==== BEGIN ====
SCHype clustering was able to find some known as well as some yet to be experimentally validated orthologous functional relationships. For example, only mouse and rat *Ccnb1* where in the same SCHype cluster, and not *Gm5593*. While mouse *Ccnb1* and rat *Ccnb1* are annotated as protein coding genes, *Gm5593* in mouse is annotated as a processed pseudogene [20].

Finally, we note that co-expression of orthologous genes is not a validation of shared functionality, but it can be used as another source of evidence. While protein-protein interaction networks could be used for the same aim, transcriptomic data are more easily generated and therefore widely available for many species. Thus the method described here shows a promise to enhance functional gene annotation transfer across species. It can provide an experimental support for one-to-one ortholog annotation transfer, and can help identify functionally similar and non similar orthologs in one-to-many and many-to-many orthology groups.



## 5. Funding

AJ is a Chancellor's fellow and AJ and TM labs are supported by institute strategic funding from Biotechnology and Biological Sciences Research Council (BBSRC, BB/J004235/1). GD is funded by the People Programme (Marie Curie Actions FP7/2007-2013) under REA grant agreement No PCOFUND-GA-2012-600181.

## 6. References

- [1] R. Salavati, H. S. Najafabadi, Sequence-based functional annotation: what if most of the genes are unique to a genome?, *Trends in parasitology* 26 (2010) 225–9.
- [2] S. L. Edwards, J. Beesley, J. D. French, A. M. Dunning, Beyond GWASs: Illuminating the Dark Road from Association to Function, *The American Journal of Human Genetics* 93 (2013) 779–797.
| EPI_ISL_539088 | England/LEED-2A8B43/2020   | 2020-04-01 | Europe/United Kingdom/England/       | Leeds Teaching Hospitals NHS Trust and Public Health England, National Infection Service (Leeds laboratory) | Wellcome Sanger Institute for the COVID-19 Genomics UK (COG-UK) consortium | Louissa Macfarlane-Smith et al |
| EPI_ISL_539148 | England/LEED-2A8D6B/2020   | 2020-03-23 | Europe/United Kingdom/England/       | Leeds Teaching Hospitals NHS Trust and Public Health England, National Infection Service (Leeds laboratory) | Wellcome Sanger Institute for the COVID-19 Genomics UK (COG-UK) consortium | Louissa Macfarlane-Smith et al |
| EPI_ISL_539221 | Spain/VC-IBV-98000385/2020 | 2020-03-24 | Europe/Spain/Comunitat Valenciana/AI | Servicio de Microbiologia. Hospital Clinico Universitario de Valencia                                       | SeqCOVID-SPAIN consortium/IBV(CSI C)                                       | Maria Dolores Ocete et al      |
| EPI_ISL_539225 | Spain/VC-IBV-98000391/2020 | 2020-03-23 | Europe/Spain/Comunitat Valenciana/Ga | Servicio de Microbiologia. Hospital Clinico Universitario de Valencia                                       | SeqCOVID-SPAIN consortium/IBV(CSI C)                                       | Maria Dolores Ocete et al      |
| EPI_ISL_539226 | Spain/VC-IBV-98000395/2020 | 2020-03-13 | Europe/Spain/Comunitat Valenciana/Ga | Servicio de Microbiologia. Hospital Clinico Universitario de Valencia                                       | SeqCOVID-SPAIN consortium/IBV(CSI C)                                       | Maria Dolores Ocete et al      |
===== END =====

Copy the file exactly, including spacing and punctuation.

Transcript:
SCHype clustering was able to find some known as well as some yet to be experimentally validated orthologous functional relationships. For example, only mouse and rat *Ccnb1* where in the same SCHype cluster, and not *Gm5593*. While mouse *Ccnb1* and rat *Ccnb1* are annotated as protein coding genes, *Gm5593* in mouse is annotated as a processed pseudogene [20].

Finally, we note that co-expression of orthologous genes is not a validation of shared functionality, but it can be used as another source of evidence. While protein-protein interaction networks could be used for the same aim, transcriptomic data are more easily generated and therefore widely available for many species. Thus the method described here shows a promise to enhance functional gene annotation transfer across species. It can provide an experimental support for one-to-one ortholog annotation transfer, and can help identify functionally similar and non similar orthologs in one-to-many and many-to-many orthology groups.



## 5. Funding

AJ is a Chancellor's fellow and AJ and TM labs are supported by institute strategic funding from Biotechnology and Biological Sciences Research Council (BBSRC, BB/J004235/1). GD is funded by the People Programme (Marie Curie Actions FP7/2007-2013) under REA grant agreement No PCOFUND-GA-2012-600181.

## 6. References

- [1] R. Salavati, H. S. Najafabadi, Sequence-based functional annotation: what if most of the genes are unique to a genome?, *Trends in parasitology* 26 (2010) 225–9.
- [2] S. L. Edwards, J. Beesley, J. D. French, A. M. Dunning, Beyond GWASs: Illuminating the Dark Road from Association to Function, *The American Journal of Human Genetics* 93 (2013) 779–797.
| EPI_ISL_539088 | England/LEED-2A8B43/2020   | 2020-04-01 | Europe/United Kingdom/England/       | Leeds Teaching Hospitals NHS Trust and Public Health England, National Infection Service (Leeds laboratory) | Wellcome Sanger Institute for the COVID-19 Genomics UK (COG-UK) consortium | Louissa Macfarlane-Smith et al |
| EPI_ISL_539148 | England/LEED-2A8D6B/2020   | 2020-03-23 | Europe/United Kingdom/England/       | Leeds Teaching Hospitals NHS Trust and Public Health England, National Infection Service (Leeds laboratory) | Wellcome Sanger Institute for the COVID-19 Genomics UK (COG-UK) consortium | Louissa Macfarlane-Smith et al |
| EPI_ISL_539221 | Spain/VC-IBV-98000385/2020 | 2020-03-24 | Europe/Spain/Comunitat Valenciana/AI | Servicio de Microbiologia. Hospital Clinico Universitario de Valencia                                       | SeqCOVID-SPAIN consortium/IBV(CSI C)                                       | Maria Dolores Ocete et al      |
| EPI_ISL_539225 | Spain/VC-IBV-98000391/2020 | 2020-03-23 | Europe/Spain/Comunitat Valenciana/Ga | Servicio de Microbiologia. Hospital Clinico Universitario de Valencia                                       | SeqCOVID-SPAIN consortium/IBV(CSI C)                                       | Maria Dolores Ocete et al      |
| EPI_ISL_539226 | Spain/VC-IBV-98000395/2020 | 2020-03-13 | Europe/Spain/Comunitat Valenciana/Ga | Servicio de Microbiologia. Hospital Clinico Universitario de Valencia                                       | SeqCOVID-SPAIN consortium/IBV(CSI C)                                       | Maria Dolores Ocete et al      |